Russ was telling me about his dad, how he had been one of the small group of guys who improved his small town in the 1950s and 1960s. They served on the chamber of commerce board together, belonged to the Kiwanis Club together, and went to the country club together. These were the people who had the vision and drive to modernize the town, to build a new hospital, start a community college, build a new nursing home and more.
That used to be how towns were improved: a small group of people developed the vision and drove it through committees and organizations. Russ said those guys are all gone; who will replace them? Who will improve small towns today?
No one will replace them, exactly. It doesn't work like that any more.
New communications tools have completely replaced the manual typewriters and the land line telephones that drove the committee-and-organization model decades ago. Today's instant communication in your pocket drives a new model of civic organization: we all participate.
Everyone contributes, even in small ways. A few people set out the challenge, the compelling idea, the future of the town. Instead of relying on committees to bring order, they rely on the crowd to make things happen themselves, and a certain amount of disorder is OK.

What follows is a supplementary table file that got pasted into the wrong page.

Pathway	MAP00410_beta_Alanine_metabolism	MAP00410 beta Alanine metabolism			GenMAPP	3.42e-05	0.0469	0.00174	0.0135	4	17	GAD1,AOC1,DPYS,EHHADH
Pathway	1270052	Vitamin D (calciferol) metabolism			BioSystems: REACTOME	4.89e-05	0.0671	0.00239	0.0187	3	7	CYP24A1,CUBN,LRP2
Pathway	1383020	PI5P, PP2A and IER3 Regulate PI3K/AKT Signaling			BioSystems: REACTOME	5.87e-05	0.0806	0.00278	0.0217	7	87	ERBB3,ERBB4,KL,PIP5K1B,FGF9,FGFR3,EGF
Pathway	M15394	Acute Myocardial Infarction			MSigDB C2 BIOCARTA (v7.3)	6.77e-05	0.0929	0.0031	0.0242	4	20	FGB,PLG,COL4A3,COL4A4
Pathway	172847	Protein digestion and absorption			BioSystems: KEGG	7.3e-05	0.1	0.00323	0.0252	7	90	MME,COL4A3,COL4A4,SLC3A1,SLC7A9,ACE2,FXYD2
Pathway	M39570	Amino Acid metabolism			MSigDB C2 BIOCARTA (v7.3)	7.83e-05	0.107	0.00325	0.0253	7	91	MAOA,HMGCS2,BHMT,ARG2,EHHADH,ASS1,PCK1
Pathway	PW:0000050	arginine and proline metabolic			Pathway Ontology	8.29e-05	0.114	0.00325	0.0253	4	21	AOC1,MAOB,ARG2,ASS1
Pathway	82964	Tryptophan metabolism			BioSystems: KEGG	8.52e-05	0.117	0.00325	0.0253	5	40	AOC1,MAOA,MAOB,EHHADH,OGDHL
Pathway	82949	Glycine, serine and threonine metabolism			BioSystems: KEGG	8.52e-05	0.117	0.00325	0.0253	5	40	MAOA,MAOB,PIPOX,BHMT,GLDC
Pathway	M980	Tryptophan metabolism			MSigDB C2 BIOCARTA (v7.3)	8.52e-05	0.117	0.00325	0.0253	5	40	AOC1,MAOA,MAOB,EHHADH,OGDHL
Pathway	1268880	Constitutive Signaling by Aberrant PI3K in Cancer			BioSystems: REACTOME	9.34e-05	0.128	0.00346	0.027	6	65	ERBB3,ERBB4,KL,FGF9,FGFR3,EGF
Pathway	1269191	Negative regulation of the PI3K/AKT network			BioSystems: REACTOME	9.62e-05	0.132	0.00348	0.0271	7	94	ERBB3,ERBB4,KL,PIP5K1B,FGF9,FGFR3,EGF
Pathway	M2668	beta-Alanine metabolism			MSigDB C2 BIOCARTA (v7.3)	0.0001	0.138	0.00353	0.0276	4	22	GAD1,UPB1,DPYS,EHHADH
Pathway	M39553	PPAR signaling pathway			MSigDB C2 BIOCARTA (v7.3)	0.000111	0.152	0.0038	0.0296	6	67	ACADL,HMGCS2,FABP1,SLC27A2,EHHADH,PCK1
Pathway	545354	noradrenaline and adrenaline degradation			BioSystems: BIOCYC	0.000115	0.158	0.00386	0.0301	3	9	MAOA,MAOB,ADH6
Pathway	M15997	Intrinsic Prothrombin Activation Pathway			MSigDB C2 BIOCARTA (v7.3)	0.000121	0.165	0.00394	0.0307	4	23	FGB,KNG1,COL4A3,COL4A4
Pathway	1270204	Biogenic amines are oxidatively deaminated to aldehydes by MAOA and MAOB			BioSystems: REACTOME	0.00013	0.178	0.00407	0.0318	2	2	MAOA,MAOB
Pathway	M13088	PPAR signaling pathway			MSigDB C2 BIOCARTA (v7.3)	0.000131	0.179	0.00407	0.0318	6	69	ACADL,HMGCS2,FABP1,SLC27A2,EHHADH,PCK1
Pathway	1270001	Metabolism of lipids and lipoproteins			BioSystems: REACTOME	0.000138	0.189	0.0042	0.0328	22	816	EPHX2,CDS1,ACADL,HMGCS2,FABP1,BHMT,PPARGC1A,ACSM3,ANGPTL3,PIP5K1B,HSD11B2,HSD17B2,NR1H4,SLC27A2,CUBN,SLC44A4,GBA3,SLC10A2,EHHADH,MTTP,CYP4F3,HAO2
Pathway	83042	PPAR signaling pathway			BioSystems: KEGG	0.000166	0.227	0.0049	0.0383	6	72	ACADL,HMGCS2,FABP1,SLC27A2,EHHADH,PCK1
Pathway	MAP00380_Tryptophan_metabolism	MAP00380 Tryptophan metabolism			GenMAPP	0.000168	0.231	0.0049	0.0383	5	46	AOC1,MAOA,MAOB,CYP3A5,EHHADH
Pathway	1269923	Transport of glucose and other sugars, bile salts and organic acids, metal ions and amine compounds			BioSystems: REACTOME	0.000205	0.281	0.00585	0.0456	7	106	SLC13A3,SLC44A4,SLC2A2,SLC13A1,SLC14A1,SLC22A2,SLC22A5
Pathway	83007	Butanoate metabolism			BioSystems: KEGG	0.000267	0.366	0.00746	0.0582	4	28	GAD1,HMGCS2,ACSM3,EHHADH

They share an inspiring and interesting vision that is still do-able and realistic. Then they tear down the barriers to participation, making it easier and easier for all the people to make any kind of contribution, even the smallest.
Who replaces the small group of civic builders from yesterday? We all do.
The challenge is getting past our current civic organizing structure, which is still modeled on the typewriter-and-landline era. We can't expect the town leaders to abolish the planning commission today in favor of a crowd-sourced town tomorrow. Not yet. But we can start by setting a vision for one project, just one, that openly invites people to create it together. That's our first step.
Keep shaping the future of your town,
PS - Would your members benefit from webinars on Innovative Rural Business Models, Rural Jobs Creation Strategies and Changing Small Town Attitudes? Deb Brown and I will be leading the webinars, and we're looking for rural organizations that would like to deliver these to their members. Hit reply, and ask about the details.